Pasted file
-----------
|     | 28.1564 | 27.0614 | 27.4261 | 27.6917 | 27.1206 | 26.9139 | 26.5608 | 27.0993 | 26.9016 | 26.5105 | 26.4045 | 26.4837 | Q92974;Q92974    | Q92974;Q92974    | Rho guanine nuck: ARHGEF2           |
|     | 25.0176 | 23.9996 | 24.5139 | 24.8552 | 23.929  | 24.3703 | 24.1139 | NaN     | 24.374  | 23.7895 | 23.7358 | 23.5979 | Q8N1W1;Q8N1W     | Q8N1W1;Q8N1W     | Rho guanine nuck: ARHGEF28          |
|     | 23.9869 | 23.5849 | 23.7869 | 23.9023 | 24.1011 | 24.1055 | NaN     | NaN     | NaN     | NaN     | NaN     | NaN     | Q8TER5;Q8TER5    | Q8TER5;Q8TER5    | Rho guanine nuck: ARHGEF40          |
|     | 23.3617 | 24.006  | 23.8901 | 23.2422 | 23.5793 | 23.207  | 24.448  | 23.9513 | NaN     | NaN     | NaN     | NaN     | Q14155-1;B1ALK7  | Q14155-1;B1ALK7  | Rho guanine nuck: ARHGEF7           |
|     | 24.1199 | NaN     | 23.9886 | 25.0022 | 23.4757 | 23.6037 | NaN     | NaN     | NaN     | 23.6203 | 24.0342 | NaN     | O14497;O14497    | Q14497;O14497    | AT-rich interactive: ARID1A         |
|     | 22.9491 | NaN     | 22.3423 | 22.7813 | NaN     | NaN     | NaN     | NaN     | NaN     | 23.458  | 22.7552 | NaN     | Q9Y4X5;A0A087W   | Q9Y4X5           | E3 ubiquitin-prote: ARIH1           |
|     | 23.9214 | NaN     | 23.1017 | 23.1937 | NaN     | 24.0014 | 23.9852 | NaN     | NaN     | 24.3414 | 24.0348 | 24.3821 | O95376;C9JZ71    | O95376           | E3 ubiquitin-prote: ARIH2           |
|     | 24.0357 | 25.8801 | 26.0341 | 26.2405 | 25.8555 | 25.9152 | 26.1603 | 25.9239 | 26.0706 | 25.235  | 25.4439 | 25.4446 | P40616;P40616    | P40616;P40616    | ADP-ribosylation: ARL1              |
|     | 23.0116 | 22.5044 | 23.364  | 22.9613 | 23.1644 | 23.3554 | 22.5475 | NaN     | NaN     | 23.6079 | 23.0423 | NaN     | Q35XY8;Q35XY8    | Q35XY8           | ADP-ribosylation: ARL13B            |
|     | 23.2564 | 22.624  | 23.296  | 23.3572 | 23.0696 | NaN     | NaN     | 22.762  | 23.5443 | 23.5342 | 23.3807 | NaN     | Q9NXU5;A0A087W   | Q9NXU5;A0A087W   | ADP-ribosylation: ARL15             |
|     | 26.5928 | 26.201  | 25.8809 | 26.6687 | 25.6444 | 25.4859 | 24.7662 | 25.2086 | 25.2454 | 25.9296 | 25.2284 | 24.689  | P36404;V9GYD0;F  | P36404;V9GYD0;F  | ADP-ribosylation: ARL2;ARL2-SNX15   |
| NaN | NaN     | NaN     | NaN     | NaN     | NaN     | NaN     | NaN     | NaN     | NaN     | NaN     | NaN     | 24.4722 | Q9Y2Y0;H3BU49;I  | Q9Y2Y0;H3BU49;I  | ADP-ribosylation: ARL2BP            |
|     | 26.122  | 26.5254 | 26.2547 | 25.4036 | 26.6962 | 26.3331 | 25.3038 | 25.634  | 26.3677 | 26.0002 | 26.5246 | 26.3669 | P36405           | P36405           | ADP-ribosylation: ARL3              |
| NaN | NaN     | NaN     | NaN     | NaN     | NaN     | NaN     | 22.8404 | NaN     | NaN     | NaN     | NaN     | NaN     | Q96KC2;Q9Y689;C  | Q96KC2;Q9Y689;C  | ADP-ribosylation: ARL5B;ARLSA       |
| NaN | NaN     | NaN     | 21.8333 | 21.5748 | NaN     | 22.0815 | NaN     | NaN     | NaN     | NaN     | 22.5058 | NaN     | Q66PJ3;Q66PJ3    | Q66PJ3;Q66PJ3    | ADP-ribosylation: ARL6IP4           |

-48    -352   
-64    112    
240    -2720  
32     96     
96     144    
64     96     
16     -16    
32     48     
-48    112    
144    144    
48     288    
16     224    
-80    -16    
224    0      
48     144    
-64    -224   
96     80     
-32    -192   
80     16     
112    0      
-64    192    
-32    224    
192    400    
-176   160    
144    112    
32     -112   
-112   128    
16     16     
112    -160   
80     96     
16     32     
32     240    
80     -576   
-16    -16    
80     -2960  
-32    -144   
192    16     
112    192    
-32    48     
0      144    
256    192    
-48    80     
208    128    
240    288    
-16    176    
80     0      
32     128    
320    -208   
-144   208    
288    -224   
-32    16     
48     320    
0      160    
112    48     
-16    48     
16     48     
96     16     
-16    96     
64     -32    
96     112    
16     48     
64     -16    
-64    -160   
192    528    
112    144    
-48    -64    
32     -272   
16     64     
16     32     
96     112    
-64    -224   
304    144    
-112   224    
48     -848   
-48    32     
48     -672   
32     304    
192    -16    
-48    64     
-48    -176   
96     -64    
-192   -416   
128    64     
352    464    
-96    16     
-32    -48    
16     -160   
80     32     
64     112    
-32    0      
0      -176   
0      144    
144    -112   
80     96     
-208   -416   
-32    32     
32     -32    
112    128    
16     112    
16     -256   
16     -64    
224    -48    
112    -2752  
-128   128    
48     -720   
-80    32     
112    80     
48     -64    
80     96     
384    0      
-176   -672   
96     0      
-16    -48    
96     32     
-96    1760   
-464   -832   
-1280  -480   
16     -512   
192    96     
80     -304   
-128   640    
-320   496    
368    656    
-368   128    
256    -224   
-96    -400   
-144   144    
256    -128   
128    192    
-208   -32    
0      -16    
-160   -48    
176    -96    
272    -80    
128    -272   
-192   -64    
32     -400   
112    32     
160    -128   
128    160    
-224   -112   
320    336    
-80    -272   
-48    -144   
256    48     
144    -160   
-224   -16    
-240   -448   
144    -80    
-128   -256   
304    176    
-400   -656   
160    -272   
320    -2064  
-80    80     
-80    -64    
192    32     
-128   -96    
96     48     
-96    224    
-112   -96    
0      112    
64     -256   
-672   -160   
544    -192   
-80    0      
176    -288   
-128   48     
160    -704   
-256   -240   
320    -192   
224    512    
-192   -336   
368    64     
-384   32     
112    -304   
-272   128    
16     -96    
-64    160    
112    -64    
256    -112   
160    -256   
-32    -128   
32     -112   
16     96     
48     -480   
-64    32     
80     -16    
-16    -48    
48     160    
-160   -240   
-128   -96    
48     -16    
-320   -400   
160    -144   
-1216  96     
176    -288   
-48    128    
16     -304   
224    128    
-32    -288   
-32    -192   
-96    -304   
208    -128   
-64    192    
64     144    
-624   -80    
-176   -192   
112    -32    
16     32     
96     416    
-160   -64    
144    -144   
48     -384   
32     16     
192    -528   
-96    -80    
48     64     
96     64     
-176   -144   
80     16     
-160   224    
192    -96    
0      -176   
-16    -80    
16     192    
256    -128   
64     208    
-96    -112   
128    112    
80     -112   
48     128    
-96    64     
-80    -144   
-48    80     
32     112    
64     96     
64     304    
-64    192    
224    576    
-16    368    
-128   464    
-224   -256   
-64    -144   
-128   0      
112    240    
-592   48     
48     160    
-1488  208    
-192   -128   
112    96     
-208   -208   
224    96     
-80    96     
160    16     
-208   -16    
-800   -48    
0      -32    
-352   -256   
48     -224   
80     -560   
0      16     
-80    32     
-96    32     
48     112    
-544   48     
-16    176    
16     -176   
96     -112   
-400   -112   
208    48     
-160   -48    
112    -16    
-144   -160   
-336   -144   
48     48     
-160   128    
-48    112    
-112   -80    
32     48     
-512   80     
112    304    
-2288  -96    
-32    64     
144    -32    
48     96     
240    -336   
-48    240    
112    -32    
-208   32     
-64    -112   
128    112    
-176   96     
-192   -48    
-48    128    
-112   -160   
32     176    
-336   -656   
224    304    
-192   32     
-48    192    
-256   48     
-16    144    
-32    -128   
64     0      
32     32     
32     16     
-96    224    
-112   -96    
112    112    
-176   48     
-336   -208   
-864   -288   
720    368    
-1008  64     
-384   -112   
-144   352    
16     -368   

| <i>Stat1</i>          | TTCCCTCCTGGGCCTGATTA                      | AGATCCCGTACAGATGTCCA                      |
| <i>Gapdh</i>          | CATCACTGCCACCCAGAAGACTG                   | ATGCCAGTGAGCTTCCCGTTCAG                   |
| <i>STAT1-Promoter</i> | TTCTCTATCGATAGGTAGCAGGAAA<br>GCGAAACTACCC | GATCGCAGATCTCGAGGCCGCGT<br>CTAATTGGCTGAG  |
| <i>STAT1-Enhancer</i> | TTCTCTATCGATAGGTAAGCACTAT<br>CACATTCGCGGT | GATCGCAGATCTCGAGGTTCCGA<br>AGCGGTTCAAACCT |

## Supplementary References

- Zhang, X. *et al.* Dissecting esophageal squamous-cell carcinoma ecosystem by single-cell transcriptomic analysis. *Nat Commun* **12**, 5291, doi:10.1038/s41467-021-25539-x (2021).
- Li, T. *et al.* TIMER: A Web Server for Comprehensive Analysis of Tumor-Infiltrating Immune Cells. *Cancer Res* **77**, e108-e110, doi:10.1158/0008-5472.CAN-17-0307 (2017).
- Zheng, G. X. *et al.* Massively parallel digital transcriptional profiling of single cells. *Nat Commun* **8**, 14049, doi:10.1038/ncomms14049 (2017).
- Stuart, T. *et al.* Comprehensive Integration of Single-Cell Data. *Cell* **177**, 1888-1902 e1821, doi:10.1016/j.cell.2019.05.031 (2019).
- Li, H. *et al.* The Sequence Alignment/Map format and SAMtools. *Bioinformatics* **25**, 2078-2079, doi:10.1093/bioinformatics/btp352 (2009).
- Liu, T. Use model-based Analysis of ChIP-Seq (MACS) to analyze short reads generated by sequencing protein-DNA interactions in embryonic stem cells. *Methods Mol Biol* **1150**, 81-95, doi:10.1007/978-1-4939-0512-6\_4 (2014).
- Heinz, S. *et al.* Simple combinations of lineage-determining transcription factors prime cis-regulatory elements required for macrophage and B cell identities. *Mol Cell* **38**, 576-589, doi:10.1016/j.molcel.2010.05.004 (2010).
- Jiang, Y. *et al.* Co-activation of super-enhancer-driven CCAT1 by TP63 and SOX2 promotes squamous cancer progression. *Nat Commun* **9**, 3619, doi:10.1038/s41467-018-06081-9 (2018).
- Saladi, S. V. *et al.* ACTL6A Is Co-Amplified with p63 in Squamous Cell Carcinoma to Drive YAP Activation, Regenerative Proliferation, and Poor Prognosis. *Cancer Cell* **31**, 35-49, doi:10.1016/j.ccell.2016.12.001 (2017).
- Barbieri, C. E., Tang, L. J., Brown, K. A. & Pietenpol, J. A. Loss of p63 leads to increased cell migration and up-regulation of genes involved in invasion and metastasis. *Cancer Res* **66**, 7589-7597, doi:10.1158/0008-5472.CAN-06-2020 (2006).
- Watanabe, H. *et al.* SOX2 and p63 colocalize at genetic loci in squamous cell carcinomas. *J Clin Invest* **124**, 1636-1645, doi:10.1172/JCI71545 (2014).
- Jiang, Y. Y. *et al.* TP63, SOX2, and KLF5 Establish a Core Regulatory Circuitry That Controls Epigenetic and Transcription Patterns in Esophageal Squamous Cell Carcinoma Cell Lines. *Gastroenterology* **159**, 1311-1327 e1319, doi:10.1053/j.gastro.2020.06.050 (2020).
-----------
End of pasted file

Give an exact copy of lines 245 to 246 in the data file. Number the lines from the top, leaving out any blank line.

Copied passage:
128    112    
80     -112   